NFR Tips and tricks for camp fires in the wet forest of NW WA?

Jiminsandiego

Active Member
Thanks for all the input folks. Definitely uping my fire making game. Fatwood (from old growth stumps that were logged long ago) is truly amazing. I've done enough online research to know that what I have found around my home is top grade stuff. Solid, translucent "sticks" of almost pure "resin". The instant it touches a flame it's burning like crazy and keeps burning. With my (folding) saw, hatchet and (top of the line) ferro rod, making a fire in wet woods seems very doable, especially if fat wood and squaw wood can be found.
 
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Jiminsandiego

Active Member
Resurrecting an old thread. I was out plinking with my .22 rifle south of the Skagit river a couple of days ago. Melting snow on the ground and everything soaking wet. With my newfound knowledge, the abundance of nearby fat wood was obvious. With my folding saw and knife, I collecting about ten pounds of fat wood easily. Using a small pile of magnesium shavings (bought on Amazon) and a ferro rod to ignite it, I had a roaring fire, literarily, instantly. This was in heavy wind with rain. No paper, no matches, no lighter, no tinder, no kindling, no "fire starters".... Magnesium shavings plus ferro rod, plus fat wood equals fire. The phrase "knowledge is power" had never seemed so poignant as I warmed myself over that fire.
 

David Loy

Senior Moment
Fire Ribbon (REI)
Indian fires (small, so get close) burn less wood.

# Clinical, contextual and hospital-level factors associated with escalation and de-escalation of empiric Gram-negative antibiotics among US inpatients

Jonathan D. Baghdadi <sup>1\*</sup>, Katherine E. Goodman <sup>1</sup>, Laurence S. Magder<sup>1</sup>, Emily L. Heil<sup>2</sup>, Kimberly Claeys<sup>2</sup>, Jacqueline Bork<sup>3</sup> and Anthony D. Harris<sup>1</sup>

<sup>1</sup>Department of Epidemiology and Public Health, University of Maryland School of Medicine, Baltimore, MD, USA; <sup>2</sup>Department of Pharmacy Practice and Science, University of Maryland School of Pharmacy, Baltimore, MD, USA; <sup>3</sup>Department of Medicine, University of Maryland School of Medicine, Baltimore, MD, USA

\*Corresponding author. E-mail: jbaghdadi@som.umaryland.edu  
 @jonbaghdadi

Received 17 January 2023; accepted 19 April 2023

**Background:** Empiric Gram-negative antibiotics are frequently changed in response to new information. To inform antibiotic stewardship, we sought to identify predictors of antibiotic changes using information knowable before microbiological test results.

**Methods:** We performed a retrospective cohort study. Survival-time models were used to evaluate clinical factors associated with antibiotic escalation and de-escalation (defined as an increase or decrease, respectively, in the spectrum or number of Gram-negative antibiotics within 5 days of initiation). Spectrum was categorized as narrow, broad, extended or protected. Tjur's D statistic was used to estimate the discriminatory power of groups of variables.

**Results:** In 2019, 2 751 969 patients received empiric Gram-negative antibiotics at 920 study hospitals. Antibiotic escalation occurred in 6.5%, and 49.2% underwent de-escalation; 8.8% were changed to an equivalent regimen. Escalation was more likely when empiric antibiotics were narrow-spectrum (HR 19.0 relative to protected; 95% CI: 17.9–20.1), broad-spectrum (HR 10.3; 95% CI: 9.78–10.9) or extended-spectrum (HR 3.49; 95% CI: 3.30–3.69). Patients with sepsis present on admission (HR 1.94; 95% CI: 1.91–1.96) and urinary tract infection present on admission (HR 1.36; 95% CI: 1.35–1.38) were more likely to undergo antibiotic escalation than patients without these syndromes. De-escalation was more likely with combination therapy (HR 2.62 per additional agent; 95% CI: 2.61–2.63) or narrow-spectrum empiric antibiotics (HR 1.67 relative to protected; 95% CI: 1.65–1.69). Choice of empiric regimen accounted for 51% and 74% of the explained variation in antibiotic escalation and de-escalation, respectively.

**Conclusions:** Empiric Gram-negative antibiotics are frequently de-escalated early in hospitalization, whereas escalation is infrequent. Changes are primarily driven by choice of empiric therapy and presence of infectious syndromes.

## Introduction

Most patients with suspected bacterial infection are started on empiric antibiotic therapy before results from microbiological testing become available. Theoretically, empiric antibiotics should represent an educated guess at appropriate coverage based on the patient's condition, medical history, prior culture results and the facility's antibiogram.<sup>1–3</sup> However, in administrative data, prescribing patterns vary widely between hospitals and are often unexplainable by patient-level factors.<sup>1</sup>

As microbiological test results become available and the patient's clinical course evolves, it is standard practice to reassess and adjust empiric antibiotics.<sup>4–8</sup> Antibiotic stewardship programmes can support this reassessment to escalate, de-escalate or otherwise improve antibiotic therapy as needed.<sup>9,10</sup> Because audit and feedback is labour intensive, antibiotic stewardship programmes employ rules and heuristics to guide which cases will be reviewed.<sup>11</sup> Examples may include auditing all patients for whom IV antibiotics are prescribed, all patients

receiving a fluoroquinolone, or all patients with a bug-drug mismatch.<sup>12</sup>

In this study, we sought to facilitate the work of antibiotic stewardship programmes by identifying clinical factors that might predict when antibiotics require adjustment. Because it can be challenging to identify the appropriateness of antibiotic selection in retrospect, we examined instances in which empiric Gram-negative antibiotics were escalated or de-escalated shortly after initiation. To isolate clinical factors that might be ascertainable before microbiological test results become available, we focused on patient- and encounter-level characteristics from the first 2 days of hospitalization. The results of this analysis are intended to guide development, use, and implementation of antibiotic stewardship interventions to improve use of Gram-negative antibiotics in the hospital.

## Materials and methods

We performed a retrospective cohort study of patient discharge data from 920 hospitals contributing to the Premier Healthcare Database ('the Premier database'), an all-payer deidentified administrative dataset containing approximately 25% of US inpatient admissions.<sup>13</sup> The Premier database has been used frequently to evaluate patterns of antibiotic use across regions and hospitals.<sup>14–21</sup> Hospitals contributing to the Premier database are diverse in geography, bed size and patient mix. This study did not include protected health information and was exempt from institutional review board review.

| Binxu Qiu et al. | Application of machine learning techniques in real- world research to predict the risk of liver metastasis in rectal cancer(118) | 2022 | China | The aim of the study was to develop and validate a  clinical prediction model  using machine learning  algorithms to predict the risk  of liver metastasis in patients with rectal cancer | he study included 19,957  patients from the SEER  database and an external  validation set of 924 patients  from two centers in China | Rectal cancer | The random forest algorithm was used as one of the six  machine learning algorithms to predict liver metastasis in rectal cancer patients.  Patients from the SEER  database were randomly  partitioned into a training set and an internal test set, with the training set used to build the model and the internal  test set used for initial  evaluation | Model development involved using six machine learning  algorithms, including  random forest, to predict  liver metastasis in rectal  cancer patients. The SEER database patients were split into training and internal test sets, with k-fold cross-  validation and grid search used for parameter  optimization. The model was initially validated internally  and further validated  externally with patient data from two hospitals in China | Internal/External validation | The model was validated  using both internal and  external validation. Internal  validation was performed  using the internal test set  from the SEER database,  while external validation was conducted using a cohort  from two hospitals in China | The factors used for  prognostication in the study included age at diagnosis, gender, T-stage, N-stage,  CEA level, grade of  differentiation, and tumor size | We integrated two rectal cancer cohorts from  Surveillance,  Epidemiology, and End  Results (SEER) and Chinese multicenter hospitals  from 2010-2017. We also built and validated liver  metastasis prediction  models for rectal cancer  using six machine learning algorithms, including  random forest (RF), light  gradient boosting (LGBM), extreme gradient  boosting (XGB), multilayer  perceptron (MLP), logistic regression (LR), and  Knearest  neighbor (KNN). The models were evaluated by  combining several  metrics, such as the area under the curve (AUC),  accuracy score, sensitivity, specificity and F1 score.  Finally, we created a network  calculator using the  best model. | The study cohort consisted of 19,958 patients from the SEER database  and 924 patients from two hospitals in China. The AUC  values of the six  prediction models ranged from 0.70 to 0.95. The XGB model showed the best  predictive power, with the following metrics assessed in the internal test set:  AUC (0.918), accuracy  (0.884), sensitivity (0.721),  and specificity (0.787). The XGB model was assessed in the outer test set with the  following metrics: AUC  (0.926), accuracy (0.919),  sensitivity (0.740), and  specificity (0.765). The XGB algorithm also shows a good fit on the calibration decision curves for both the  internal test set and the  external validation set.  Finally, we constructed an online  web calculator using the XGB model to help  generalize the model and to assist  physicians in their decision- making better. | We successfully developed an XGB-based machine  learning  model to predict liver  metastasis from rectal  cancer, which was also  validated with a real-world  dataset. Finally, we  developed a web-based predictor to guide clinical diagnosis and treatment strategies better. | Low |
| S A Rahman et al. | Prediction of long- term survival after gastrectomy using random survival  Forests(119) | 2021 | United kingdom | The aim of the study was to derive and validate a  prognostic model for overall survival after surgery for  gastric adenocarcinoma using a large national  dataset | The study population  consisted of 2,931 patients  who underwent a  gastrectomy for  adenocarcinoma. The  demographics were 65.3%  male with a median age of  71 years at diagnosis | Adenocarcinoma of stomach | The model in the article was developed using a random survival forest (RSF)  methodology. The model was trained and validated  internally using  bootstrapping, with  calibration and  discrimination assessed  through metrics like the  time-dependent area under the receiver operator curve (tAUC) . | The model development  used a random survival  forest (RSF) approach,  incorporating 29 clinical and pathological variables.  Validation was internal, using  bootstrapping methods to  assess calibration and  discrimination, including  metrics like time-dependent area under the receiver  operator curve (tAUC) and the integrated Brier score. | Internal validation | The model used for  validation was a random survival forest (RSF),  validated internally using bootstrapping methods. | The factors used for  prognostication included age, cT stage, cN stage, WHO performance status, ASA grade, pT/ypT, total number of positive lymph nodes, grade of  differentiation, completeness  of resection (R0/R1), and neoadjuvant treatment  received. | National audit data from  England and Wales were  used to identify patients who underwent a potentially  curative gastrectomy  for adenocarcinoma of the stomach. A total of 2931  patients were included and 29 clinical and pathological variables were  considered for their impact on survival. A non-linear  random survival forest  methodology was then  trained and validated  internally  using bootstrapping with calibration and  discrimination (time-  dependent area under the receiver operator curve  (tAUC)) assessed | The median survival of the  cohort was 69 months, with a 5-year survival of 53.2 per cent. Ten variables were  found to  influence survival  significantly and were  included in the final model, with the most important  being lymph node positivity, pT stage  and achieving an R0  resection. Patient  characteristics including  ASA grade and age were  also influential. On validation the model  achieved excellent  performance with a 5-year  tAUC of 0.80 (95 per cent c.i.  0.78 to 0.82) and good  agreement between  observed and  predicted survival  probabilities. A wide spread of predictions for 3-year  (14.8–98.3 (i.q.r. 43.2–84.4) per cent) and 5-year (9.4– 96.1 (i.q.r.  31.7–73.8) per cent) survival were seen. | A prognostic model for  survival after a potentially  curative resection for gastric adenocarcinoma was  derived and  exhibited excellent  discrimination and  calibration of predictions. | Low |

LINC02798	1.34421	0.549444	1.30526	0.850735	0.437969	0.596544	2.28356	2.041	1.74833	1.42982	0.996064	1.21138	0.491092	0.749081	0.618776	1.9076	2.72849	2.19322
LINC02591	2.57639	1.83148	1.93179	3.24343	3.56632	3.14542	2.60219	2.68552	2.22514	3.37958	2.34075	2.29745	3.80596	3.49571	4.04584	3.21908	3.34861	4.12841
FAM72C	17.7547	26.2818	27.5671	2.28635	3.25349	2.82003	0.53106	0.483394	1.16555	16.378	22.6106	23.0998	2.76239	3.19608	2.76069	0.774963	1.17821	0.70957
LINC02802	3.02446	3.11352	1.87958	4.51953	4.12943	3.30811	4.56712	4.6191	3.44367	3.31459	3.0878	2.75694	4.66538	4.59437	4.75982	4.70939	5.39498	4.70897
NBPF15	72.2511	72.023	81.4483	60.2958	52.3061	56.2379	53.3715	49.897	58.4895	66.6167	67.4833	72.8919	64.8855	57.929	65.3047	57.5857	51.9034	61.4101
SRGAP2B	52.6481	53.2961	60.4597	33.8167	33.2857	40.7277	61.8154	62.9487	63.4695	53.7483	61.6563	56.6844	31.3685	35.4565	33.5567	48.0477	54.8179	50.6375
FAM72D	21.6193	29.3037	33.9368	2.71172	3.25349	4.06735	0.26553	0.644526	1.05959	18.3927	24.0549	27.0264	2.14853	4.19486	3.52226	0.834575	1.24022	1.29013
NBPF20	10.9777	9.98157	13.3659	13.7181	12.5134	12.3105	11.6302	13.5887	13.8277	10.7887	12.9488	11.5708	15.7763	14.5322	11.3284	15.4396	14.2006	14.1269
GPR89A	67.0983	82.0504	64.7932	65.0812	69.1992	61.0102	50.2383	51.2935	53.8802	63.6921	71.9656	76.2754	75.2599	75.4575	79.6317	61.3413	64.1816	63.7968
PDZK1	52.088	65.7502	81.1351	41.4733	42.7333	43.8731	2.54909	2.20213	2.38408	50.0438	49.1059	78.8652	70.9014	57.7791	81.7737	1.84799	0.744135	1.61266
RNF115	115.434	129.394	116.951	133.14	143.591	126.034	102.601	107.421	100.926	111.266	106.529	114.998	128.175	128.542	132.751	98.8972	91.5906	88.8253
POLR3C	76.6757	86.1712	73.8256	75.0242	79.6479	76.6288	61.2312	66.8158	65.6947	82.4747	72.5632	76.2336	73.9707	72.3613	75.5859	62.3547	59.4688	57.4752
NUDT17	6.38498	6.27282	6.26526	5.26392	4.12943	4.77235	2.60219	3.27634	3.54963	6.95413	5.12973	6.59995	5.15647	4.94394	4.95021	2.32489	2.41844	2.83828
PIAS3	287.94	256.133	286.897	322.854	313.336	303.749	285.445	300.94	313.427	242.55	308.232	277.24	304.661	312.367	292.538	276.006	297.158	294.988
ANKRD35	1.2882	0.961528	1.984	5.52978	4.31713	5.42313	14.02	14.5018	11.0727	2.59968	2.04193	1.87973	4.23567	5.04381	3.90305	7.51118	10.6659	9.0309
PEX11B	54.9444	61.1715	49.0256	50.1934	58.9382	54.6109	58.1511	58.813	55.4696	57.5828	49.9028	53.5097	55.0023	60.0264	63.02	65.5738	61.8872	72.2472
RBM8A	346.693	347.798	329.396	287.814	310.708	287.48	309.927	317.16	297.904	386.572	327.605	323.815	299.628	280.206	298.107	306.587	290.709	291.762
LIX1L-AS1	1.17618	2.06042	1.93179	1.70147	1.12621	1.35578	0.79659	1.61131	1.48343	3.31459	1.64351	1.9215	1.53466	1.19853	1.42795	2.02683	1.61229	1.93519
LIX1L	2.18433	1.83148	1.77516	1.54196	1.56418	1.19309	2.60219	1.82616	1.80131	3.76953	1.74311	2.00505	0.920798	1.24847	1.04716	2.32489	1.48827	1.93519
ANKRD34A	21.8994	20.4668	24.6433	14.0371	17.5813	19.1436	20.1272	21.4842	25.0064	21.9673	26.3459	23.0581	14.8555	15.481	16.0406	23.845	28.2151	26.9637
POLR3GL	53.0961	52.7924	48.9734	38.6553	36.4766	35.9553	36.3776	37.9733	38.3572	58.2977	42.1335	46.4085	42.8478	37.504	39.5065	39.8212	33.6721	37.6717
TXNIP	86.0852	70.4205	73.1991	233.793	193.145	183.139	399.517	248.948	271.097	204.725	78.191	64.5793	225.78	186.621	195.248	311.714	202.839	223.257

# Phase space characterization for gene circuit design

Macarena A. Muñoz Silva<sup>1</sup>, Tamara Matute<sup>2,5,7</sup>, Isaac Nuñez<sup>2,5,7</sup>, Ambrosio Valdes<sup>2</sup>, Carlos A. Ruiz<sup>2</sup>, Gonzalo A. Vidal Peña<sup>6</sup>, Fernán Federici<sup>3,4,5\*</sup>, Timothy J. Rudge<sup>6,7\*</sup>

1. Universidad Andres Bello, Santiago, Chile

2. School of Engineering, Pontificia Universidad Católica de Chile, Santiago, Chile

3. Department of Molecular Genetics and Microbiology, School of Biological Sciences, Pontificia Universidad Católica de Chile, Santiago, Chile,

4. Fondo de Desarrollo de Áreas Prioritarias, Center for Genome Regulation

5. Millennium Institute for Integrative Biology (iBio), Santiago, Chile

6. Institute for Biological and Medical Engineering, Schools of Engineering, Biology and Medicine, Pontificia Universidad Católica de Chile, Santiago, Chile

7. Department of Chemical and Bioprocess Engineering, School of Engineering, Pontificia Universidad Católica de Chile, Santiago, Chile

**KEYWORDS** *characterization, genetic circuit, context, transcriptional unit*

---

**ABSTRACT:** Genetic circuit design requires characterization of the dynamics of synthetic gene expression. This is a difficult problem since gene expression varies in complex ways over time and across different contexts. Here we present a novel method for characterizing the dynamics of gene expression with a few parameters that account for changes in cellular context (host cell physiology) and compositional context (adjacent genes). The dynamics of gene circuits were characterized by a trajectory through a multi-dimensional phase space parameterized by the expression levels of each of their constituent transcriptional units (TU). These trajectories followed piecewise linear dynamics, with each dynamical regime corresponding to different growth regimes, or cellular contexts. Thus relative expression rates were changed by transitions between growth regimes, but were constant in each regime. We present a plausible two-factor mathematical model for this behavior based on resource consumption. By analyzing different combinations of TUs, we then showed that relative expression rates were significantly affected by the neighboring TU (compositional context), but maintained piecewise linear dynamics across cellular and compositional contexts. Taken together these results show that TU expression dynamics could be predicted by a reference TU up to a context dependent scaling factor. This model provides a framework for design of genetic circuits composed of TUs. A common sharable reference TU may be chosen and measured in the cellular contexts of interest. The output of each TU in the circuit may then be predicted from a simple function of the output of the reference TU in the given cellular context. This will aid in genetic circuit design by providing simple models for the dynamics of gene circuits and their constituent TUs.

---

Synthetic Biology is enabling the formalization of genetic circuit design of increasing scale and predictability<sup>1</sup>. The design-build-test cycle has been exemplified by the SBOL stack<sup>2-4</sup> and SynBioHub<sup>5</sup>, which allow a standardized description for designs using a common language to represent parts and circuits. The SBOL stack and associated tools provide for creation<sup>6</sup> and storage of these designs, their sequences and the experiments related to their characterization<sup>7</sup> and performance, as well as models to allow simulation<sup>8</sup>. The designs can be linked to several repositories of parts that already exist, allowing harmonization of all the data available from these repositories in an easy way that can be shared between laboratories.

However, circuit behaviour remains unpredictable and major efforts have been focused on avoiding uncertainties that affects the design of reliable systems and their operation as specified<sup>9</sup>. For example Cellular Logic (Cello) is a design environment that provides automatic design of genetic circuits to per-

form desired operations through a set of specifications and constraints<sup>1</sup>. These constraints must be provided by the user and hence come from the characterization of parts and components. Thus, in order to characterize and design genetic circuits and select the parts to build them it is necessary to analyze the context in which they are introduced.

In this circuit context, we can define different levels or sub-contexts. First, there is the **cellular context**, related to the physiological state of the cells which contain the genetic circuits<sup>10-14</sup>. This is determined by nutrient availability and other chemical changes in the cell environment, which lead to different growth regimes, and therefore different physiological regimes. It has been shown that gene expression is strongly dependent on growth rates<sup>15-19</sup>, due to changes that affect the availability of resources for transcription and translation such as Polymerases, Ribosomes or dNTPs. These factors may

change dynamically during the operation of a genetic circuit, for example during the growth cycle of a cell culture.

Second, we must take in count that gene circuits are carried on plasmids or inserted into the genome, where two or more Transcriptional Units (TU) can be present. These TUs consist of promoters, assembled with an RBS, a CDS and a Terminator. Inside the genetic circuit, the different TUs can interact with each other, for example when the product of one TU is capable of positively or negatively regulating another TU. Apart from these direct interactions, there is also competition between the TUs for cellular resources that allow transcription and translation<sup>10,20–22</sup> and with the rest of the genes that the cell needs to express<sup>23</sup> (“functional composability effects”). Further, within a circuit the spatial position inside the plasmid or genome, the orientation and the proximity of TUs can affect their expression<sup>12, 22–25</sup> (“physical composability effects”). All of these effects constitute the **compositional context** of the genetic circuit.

Wood surfaces close to each other, but with room for air circulation.
 

bk paige

Wishin I was on the Sauk
Resurrecting an old thread. I was out plinking with my .22 rifle south of the Skagit river a couple of days ago. Melting snow on the ground and everything soaking wet. With my newfound knowledge, the abundance of nearby fat wood was obvious. With my folding saw and knife, I collecting about ten pounds of fat wood easily. Using a small pile of magnesium shavings (bought on Amazon) and a ferro rod to ignite it, I had a roaring fire, literarily, instantly. This was in heavy wind with rain. No paper, no matches, no lighter, no tinder, no kindling, no "fire starters".... Magnesium shavings plus ferro rod, plus fat wood equals fire. The phrase "knowledge is power" had never seemed so poignant as I warmed myself over that fire.


What the he'll is fat wood.
 

Squamishpoacher

Active Member
I never go into the bush without my favourite folding pocket knife.
One side folds out a blade, saw, screwdriver, bottle opener, awl, flint and steel, compass, ruler, scissors, toothpick, tweezers, spoon, fork and magnifying glass. And the other side folds out a 3 room log cabin and 5 cords of dry firewood.
 

hookedonthefly

Active Member
Gasoline...:) . E
I never go into the bush without my favourite folding pocket knife.
One side folds out a blade, saw, screwdriver, bottle opener, awl, flint and steel, compass, ruler, scissors, toothpick, tweezers, spoon, fork and magnifying glass. And the other side folds out a 3 room log cabin and 5 cords of dry firewood.
It’s amazing what you can take down the river in a 14’ Maravia raft...we usually rolled with 14 cord and a pallet of Rainier (it was actually 1650 tall boy Rainiers but whose counting). Ed
* Edit - Just tryin’ to survive out here in the wilderness.
 
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TDub

Active Member
Try the upside down fire. There are many advantages to using this in the PNW. Check out this video, but there are many more in youtube.
 
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